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the Ejiogbe Twins, fine stone carvers

Kehinde and Taiwo dancing hand in hand
Kehinde and Taiwo dancing hand in hand
Taiwo and Kehinde Ejiogbe: now and then
Taiwo and Kehinde Olabode Ejiogbe: now and then
Drums could be heard in a distance as we approached the open compound of the Ejiogbes. Two slender white-clad silhouettes, those of two Obatala followers, were dancing forward in our direction, sometimes hand in hand, sometimes not, but synchronised at all time. Taiwo and Kehinde Ejiogbe, the stone carver twins of Inisa, Osun state, were now greeting us and welcoming us in an open courtyard where a marquee had been arranged with rows of plastic chairs.
Taiwo's simple lines
Taiwo's simple lines
I had met the Ejiogbe Twins about a year ago in Iragbiji and had bought some of their carvings which I still like very much. So it was natural to go and meet them again in their abode.
The compound was decorated with the many stones carved by the Twins. Taiwo's works were displayed on the lawn separating the road from the house. Large pieces with an asiatic touch in the simplicity of lines of the carvings.
Kehinde's roundness
Kehinde's roundness
Kehinde had most of his works in a shed on the other side of the house courtyard which were rounder and more exuberant. Interestingly the contrast of exuberance in carving was mirroring the character of each of them. Yorubas are very fond of twins and they say that Taiwo, the first of the twins to come out first of his mother's belly is usually more calm and less talkative than his brother Kehinde, the second one. As if the path to birth was moulding the character of new born babies. Back to their work, they mostly carve stones but also occasionally wood and for their tour abroad they did a few paintings representing twins. They mentioned that they had travelled to the US and Japan to show their works about twenty years ago. The stone motives are essentially symbolic representations of Obatala the creator, shown moulding a human between his hands, but also his wives and other Yoruba divinities like Sango or Ogun. They portrait human characters such as drummers, flute players, and other mundane subjects like a money-lender wearing an ample robe and carrying swollen bags of money.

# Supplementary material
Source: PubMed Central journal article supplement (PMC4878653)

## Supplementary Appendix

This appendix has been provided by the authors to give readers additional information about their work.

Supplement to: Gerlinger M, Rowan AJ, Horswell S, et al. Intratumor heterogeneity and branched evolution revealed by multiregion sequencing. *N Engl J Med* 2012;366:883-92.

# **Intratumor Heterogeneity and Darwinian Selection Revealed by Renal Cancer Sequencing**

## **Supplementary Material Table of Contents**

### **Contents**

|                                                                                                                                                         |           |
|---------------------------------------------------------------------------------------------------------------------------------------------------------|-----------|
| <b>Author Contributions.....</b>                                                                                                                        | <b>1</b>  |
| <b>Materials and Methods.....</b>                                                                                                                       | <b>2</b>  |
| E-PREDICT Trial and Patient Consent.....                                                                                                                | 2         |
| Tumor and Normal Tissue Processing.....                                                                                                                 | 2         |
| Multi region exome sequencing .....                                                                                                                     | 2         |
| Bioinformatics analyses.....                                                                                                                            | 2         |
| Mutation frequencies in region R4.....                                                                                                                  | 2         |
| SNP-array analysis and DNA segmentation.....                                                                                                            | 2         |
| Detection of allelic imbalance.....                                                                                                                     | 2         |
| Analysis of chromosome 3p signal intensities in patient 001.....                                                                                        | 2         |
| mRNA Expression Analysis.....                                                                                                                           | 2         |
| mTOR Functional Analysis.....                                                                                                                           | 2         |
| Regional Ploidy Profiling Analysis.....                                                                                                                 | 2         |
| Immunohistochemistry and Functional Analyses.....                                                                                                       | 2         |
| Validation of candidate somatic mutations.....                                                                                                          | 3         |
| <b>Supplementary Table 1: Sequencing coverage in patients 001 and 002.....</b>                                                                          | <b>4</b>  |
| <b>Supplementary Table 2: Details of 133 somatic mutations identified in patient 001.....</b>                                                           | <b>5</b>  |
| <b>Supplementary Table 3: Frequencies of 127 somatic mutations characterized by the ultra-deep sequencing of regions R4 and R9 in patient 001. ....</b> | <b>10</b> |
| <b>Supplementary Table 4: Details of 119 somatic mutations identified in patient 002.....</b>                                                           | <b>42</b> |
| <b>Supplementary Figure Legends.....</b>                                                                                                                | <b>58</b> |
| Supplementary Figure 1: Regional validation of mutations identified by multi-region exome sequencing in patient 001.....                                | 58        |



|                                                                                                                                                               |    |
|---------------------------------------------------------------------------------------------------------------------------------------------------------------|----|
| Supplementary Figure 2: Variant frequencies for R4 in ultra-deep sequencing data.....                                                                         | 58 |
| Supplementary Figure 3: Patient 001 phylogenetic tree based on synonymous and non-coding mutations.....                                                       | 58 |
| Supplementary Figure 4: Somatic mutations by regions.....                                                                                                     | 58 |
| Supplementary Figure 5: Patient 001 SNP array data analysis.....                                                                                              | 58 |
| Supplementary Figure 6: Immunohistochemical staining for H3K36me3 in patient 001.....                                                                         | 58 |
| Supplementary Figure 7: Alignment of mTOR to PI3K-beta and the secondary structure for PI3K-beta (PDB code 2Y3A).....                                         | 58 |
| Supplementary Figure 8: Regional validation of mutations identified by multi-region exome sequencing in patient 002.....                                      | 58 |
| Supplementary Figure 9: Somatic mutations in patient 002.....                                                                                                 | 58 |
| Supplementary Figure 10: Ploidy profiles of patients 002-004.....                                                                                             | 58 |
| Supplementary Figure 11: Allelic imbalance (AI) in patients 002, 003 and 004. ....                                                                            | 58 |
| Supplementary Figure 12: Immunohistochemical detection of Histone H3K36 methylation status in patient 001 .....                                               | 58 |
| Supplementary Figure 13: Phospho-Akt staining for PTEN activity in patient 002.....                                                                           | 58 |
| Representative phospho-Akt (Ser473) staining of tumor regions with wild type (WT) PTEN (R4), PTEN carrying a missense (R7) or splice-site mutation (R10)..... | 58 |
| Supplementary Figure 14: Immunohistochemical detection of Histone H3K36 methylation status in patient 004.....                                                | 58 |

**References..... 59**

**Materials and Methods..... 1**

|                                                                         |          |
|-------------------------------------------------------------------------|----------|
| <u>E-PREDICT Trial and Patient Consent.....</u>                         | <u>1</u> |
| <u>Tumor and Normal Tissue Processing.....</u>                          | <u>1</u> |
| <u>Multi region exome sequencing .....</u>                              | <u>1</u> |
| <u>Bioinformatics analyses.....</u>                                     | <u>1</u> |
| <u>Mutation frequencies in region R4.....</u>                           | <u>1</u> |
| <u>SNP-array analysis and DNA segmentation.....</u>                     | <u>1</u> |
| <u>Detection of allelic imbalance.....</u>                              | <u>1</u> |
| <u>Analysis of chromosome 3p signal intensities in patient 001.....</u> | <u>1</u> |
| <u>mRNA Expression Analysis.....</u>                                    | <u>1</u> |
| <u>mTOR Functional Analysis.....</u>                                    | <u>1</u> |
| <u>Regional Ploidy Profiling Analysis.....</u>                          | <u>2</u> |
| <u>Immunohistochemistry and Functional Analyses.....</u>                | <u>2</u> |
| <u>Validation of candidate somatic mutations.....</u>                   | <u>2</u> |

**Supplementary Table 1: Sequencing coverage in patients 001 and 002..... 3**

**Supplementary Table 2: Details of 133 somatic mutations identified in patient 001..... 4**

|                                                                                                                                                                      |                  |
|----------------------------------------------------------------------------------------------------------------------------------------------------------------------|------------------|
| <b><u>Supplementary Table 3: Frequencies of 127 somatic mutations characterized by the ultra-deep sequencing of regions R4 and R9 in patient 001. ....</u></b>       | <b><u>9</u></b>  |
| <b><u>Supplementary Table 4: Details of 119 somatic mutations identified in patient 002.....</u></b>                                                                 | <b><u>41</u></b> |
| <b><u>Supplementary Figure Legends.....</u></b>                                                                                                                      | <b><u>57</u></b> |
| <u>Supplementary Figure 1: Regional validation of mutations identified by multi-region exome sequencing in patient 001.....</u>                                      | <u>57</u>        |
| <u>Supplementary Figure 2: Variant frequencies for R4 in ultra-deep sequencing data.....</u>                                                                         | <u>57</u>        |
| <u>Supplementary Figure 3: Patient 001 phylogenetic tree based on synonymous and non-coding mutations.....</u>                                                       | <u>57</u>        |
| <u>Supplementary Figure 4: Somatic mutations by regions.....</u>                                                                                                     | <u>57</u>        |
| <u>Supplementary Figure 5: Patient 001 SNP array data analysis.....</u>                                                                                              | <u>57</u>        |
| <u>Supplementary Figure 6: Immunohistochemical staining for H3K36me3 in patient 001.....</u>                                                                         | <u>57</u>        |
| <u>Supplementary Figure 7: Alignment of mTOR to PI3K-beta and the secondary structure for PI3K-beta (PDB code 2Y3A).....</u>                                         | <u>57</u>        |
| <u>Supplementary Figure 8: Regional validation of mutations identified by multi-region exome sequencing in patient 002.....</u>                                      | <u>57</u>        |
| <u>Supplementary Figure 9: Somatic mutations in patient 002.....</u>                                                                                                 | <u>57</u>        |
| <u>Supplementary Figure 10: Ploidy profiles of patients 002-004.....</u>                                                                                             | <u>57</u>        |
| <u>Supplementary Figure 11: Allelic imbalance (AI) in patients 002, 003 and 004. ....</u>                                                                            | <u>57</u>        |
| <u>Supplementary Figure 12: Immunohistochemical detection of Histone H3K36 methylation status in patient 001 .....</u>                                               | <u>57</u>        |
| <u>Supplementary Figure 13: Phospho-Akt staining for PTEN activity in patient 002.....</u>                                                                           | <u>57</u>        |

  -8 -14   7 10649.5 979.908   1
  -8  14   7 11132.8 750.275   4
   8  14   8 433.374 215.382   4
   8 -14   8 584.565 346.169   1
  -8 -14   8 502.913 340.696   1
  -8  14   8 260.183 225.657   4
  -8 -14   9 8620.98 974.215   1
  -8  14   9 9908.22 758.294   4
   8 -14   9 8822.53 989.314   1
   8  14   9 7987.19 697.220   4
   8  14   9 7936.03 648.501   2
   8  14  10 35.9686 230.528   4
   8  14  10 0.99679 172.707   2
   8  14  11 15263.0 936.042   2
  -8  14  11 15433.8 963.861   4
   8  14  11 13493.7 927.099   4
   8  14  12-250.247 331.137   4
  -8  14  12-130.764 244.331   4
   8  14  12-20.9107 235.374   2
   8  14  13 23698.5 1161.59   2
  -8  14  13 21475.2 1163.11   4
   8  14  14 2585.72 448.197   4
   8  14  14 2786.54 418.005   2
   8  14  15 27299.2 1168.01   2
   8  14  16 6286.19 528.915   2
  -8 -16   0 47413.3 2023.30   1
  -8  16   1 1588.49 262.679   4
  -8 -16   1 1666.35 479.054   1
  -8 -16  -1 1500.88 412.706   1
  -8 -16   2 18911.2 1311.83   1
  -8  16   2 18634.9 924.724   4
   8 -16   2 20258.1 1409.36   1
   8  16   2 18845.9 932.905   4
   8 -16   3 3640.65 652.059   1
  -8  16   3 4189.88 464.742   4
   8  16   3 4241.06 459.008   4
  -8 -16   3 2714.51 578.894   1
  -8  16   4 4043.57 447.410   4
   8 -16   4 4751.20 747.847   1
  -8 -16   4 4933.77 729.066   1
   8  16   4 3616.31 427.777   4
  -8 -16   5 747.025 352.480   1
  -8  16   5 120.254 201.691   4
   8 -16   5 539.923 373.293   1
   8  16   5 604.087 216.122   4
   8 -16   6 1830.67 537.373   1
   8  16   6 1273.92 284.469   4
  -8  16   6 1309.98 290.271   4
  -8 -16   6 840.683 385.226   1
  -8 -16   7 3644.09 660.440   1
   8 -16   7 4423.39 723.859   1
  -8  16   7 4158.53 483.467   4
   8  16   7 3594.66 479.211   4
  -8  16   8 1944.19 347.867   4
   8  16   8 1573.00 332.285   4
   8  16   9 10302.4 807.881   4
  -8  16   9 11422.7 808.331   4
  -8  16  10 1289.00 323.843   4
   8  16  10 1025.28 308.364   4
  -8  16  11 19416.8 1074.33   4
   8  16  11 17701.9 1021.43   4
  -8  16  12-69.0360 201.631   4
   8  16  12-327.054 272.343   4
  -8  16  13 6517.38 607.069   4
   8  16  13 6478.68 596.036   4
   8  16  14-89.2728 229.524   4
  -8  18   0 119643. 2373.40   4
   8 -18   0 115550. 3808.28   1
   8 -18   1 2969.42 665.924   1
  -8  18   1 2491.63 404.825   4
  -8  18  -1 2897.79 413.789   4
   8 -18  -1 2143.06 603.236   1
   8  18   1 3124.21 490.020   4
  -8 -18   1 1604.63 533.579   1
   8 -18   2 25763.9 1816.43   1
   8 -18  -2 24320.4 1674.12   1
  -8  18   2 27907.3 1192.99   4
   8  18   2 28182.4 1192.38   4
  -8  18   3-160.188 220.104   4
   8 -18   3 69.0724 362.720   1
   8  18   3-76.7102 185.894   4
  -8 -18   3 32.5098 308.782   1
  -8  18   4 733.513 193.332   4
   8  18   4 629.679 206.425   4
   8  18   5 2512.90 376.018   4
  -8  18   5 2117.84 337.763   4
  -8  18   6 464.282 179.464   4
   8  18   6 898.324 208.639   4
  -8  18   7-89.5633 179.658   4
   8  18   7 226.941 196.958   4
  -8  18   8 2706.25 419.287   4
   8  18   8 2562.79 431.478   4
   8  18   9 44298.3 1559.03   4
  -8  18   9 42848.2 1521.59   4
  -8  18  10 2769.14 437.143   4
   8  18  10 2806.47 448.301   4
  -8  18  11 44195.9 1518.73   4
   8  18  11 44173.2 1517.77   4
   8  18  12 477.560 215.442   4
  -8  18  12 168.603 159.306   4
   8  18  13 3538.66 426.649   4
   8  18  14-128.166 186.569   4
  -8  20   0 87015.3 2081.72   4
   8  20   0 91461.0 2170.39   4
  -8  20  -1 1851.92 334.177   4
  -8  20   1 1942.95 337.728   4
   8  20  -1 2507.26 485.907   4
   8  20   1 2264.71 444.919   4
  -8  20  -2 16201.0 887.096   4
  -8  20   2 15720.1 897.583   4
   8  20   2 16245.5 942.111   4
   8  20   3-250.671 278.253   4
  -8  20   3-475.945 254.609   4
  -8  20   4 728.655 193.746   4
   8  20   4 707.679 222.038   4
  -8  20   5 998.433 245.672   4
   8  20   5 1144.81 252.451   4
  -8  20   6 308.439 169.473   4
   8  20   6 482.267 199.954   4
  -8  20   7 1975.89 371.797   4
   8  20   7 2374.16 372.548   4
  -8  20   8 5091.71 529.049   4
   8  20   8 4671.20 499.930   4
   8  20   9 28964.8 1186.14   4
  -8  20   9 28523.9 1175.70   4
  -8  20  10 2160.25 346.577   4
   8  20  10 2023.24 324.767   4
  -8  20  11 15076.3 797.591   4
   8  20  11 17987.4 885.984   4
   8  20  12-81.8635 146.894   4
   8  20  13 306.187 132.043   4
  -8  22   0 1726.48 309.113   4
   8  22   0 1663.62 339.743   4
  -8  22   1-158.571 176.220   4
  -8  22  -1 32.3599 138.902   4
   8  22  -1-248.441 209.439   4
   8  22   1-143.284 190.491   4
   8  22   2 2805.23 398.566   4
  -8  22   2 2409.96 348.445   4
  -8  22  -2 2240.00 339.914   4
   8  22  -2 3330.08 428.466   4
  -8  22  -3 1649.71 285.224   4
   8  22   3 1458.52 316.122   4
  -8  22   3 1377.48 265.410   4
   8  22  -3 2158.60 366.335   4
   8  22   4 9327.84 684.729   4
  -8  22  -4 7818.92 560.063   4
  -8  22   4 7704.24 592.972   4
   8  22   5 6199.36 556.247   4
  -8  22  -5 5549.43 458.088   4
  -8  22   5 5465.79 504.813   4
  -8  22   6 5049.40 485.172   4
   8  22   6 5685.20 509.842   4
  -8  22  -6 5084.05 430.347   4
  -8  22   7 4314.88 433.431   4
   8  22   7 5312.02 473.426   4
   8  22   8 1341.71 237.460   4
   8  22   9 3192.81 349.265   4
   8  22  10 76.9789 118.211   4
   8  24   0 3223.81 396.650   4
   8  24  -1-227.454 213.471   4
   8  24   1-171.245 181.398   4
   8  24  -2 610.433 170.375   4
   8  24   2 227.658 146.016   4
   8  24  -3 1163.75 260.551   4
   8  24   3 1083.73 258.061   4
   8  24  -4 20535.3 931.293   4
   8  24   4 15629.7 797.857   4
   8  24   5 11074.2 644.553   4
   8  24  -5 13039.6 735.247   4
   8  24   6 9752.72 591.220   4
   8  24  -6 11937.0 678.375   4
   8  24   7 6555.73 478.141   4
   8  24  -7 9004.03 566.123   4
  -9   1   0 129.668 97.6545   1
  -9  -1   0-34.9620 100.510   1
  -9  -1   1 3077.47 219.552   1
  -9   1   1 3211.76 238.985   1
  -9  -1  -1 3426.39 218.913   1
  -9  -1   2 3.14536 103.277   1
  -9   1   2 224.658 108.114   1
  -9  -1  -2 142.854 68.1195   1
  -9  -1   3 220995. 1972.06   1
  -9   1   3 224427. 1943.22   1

bata drum engaging with the Egungun
bata drum engaging with the Egungun
The twins have a particular hairstyle. Cowries are woven into their hair like a crown surrounding their face. They usually wear white as a sign of their affiliation with Obatala, the divinity of creation. They had prepared for the occasion an entertainment with the Ejiogbe Ibile Cultural Group which gathered drummers and dancers as well as an Egungun (a representation of a spirit of the ancestors of the family) that came to perform a dance of his own in front of us. As always there was an interaction between the drums and the Egungun, like a conversation, sometimes a provocation to bring the Egungun to react. His costume was laden with colourful fabrics and hand-stitched with charms. The head mask presented four faces with scarifications.
The show ended and it was soon time to part with our jolly hosts.


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